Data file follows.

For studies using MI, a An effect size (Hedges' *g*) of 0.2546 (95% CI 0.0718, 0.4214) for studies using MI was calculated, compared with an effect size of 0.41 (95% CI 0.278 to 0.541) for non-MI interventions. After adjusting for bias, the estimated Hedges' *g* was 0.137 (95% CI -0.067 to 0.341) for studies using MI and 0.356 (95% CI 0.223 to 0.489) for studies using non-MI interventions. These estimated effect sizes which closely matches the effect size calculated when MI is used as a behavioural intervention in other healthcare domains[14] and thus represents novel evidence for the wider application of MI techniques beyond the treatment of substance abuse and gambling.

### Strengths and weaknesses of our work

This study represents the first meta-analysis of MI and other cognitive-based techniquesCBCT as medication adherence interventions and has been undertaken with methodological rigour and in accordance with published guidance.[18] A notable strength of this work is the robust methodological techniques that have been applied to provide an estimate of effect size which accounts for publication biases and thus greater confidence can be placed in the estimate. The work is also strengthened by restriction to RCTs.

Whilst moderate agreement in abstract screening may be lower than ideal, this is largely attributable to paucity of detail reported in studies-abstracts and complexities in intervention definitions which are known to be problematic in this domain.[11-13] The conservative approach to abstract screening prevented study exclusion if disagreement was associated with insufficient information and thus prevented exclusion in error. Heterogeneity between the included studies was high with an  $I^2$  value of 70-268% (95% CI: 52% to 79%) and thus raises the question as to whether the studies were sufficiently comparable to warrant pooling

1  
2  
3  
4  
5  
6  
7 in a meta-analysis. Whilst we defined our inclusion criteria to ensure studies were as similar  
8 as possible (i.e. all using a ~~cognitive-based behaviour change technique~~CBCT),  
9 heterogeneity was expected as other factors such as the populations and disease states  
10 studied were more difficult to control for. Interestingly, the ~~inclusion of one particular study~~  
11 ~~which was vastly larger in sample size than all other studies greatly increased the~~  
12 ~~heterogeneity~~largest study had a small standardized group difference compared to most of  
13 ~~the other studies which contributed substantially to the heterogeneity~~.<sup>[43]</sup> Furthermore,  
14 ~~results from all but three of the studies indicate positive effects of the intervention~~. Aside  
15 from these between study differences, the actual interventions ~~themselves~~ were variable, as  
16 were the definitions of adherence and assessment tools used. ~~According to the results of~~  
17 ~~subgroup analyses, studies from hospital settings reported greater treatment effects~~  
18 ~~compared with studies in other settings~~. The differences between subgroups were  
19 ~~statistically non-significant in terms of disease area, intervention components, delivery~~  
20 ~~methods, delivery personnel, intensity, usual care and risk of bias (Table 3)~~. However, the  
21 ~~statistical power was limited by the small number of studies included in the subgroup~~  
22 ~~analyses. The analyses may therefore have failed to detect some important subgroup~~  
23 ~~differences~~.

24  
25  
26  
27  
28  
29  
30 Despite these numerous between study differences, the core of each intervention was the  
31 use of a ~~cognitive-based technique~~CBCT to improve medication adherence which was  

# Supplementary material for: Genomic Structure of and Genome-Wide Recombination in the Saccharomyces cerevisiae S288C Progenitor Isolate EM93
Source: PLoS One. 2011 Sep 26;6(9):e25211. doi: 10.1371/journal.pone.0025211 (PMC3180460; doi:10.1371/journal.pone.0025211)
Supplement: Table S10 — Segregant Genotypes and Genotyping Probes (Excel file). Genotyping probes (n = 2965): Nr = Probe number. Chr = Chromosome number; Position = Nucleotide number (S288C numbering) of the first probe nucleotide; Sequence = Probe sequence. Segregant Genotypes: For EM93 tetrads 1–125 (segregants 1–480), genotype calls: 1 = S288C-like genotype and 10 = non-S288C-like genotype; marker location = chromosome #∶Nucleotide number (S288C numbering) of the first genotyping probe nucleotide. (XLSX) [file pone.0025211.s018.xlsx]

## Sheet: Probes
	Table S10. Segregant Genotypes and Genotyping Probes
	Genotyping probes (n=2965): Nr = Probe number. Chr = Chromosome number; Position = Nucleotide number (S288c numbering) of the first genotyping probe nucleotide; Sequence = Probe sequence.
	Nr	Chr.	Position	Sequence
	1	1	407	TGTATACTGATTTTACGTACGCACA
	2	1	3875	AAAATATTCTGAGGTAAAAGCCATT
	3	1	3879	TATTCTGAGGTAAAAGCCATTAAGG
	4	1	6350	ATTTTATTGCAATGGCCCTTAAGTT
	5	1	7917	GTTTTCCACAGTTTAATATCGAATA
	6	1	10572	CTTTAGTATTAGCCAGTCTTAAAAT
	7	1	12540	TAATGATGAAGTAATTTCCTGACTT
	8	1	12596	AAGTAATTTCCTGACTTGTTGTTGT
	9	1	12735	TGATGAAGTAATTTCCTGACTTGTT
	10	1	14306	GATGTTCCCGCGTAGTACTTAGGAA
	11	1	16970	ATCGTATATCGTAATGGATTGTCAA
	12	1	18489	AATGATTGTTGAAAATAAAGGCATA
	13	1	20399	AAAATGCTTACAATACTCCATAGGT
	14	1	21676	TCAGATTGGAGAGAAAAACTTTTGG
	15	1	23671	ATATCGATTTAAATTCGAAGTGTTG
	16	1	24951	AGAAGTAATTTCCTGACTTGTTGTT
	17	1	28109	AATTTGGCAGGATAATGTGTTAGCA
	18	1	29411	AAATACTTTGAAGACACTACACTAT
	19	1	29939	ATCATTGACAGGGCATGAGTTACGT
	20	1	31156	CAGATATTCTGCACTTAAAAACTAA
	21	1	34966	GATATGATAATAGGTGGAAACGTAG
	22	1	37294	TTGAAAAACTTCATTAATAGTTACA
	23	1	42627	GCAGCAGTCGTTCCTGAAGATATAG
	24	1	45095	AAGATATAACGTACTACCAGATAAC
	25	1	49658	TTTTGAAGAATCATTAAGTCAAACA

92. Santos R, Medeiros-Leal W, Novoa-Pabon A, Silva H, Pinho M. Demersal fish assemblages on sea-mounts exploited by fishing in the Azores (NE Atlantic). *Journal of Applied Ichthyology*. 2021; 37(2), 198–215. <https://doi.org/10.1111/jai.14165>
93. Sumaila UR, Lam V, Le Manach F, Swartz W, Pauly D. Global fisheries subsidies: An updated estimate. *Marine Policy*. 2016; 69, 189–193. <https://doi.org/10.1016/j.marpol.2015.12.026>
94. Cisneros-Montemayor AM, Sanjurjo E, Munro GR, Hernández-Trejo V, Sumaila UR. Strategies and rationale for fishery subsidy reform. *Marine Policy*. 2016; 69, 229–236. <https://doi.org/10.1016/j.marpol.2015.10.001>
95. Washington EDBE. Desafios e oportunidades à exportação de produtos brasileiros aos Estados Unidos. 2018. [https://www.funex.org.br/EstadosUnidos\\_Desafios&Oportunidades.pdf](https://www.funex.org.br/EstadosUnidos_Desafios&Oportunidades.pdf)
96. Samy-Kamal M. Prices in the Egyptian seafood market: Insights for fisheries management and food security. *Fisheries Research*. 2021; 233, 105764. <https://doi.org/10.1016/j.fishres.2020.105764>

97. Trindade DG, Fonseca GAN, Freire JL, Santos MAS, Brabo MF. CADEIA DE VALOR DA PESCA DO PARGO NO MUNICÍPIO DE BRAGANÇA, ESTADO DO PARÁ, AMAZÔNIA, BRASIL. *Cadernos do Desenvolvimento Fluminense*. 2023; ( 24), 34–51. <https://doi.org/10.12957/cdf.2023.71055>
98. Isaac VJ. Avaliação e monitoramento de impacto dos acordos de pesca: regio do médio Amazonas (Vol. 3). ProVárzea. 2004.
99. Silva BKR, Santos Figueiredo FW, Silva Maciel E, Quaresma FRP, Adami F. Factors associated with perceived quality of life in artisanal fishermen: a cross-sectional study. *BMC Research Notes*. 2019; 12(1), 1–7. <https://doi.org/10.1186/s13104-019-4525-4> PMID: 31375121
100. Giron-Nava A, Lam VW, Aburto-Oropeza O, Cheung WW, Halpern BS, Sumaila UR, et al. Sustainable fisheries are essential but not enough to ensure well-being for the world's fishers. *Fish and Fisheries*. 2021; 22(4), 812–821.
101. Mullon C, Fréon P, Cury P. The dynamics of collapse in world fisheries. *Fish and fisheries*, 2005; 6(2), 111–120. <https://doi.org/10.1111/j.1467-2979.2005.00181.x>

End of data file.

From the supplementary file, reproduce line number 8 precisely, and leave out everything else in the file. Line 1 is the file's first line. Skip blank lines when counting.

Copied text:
4  